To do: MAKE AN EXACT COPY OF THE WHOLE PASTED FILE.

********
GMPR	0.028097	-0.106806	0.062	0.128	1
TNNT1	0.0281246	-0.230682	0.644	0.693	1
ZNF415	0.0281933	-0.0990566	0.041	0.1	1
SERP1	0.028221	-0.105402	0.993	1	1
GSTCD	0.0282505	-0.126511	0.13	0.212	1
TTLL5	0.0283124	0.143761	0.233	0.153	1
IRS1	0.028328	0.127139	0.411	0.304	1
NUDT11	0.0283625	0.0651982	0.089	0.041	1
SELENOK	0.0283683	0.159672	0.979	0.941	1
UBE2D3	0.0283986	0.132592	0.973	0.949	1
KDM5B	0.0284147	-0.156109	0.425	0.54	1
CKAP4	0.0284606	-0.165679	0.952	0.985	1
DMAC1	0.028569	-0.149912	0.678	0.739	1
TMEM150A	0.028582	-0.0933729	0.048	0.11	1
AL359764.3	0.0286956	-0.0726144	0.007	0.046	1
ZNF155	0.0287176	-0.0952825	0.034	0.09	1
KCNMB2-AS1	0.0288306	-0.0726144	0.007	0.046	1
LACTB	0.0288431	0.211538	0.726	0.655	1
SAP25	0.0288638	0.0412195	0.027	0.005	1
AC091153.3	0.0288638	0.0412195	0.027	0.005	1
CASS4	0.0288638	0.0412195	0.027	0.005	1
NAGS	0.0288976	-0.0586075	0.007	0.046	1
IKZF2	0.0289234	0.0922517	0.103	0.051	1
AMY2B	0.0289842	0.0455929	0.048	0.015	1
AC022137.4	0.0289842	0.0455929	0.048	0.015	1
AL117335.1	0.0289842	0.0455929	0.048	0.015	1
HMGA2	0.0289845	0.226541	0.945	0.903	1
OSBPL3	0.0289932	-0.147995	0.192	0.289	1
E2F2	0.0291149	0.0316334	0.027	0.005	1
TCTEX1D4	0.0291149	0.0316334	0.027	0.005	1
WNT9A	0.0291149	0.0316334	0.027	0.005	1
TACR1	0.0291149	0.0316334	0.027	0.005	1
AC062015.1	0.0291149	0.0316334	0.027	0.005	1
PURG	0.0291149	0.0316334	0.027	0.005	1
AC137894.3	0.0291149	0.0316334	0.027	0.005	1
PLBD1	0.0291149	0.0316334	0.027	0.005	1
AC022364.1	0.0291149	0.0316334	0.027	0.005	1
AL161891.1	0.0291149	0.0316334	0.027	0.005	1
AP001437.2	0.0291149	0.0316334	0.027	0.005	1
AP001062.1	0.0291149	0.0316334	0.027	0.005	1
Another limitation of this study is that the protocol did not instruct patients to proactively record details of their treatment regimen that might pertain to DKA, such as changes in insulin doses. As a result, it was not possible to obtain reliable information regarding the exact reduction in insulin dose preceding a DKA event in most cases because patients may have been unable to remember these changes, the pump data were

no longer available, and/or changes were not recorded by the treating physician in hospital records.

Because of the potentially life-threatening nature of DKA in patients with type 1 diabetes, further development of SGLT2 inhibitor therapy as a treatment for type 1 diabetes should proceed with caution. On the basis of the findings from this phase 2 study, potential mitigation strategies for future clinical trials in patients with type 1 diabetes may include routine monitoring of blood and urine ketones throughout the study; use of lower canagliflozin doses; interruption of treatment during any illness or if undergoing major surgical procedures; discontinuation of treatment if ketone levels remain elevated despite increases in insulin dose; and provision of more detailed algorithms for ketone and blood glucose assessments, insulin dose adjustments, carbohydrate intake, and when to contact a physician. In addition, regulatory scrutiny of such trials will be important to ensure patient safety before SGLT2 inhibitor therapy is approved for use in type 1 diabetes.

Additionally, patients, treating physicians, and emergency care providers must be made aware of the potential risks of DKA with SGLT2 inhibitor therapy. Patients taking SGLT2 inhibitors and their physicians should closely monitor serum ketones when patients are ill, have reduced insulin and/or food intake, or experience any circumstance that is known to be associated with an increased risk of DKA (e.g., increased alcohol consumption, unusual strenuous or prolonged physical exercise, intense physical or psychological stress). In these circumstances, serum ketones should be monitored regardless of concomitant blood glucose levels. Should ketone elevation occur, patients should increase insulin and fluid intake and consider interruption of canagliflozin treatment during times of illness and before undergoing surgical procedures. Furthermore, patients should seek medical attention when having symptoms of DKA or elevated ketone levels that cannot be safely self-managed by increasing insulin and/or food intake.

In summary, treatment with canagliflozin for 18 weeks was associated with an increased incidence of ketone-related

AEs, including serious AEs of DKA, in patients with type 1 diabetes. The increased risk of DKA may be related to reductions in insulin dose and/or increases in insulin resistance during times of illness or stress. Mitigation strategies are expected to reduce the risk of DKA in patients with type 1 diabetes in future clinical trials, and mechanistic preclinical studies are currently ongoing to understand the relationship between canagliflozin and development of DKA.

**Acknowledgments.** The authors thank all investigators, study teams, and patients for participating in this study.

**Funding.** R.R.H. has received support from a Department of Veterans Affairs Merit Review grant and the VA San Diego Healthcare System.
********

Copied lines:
GMPR	0.028097	-0.106806	0.062	0.128	1
TNNT1	0.0281246	-0.230682	0.644	0.693	1
ZNF415	0.0281933	-0.0990566	0.041	0.1	1
SERP1	0.028221	-0.105402	0.993	1	1
GSTCD	0.0282505	-0.126511	0.13	0.212	1
TTLL5	0.0283124	0.143761	0.233	0.153	1
IRS1	0.028328	0.127139	0.411	0.304	1
NUDT11	0.0283625	0.0651982	0.089	0.041	1
SELENOK	0.0283683	0.159672	0.979	0.941	1
UBE2D3	0.0283986	0.132592	0.973	0.949	1
KDM5B	0.0284147	-0.156109	0.425	0.54	1
CKAP4	0.0284606	-0.165679	0.952	0.985	1
DMAC1	0.028569	-0.149912	0.678	0.739	1
TMEM150A	0.028582	-0.0933729	0.048	0.11	1
AL359764.3	0.0286956	-0.0726144	0.007	0.046	1
ZNF155	0.0287176	-0.0952825	0.034	0.09	1
KCNMB2-AS1	0.0288306	-0.0726144	0.007	0.046	1
LACTB	0.0288431	0.211538	0.726	0.655	1
SAP25	0.0288638	0.0412195	0.027	0.005	1
AC091153.3	0.0288638	0.0412195	0.027	0.005	1
CASS4	0.0288638	0.0412195	0.027	0.005	1
NAGS	0.0288976	-0.0586075	0.007	0.046	1
IKZF2	0.0289234	0.0922517	0.103	0.051	1
AMY2B	0.0289842	0.0455929	0.048	0.015	1
AC022137.4	0.0289842	0.0455929	0.048	0.015	1
AL117335.1	0.0289842	0.0455929	0.048	0.015	1
HMGA2	0.0289845	0.226541	0.945	0.903	1
OSBPL3	0.0289932	-0.147995	0.192	0.289	1
E2F2	0.0291149	0.0316334	0.027	0.005	1
TCTEX1D4	0.0291149	0.0316334	0.027	0.005	1
WNT9A	0.0291149	0.0316334	0.027	0.005	1
TACR1	0.0291149	0.0316334	0.027	0.005	1
AC062015.1	0.0291149	0.0316334	0.027	0.005	1
PURG	0.0291149	0.0316334	0.027	0.005	1
AC137894.3	0.0291149	0.0316334	0.027	0.005	1
PLBD1	0.0291149	0.0316334	0.027	0.005	1
AC022364.1	0.0291149	0.0316334	0.027	0.005	1
AL161891.1	0.0291149	0.0316334	0.027	0.005	1
AP001437.2	0.0291149	0.0316334	0.027	0.005	1
AP001062.1	0.0291149	0.0316334	0.027	0.005	1
Another limitation of this study is that the protocol did not instruct patients to proactively record details of their treatment regimen that might pertain to DKA, such as changes in insulin doses. As a result, it was not possible to obtain reliable information regarding the exact reduction in insulin dose preceding a DKA event in most cases because patients may have been unable to remember these changes, the pump data were

no longer available, and/or changes were not recorded by the treating physician in hospital records.

Because of the potentially life-threatening nature of DKA in patients with type 1 diabetes, further development of SGLT2 inhibitor therapy as a treatment for type 1 diabetes should proceed with caution. On the basis of the findings from this phase 2 study, potential mitigation strategies for future clinical trials in patients with type 1 diabetes may include routine monitoring of blood and urine ketones throughout the study; use of lower canagliflozin doses; interruption of treatment during any illness or if undergoing major surgical procedures; discontinuation of treatment if ketone levels remain elevated despite increases in insulin dose; and provision of more detailed algorithms for ketone and blood glucose assessments, insulin dose adjustments, carbohydrate intake, and when to contact a physician. In addition, regulatory scrutiny of such trials will be important to ensure patient safety before SGLT2 inhibitor therapy is approved for use in type 1 diabetes.

Additionally, patients, treating physicians, and emergency care providers must be made aware of the potential risks of DKA with SGLT2 inhibitor therapy. Patients taking SGLT2 inhibitors and their physicians should closely monitor serum ketones when patients are ill, have reduced insulin and/or food intake, or experience any circumstance that is known to be associated with an increased risk of DKA (e.g., increased alcohol consumption, unusual strenuous or prolonged physical exercise, intense physical or psychological stress). In these circumstances, serum ketones should be monitored regardless of concomitant blood glucose levels. Should ketone elevation occur, patients should increase insulin and fluid intake and consider interruption of canagliflozin treatment during times of illness and before undergoing surgical procedures. Furthermore, patients should seek medical attention when having symptoms of DKA or elevated ketone levels that cannot be safely self-managed by increasing insulin and/or food intake.

In summary, treatment with canagliflozin for 18 weeks was associated with an increased incidence of ketone-related

AEs, including serious AEs of DKA, in patients with type 1 diabetes. The increased risk of DKA may be related to reductions in insulin dose and/or increases in insulin resistance during times of illness or stress. Mitigation strategies are expected to reduce the risk of DKA in patients with type 1 diabetes in future clinical trials, and mechanistic preclinical studies are currently ongoing to understand the relationship between canagliflozin and development of DKA.

**Acknowledgments.** The authors thank all investigators, study teams, and patients for participating in this study.

**Funding.** R.R.H. has received support from a Department of Veterans Affairs Merit Review grant and the VA San Diego Healthcare System.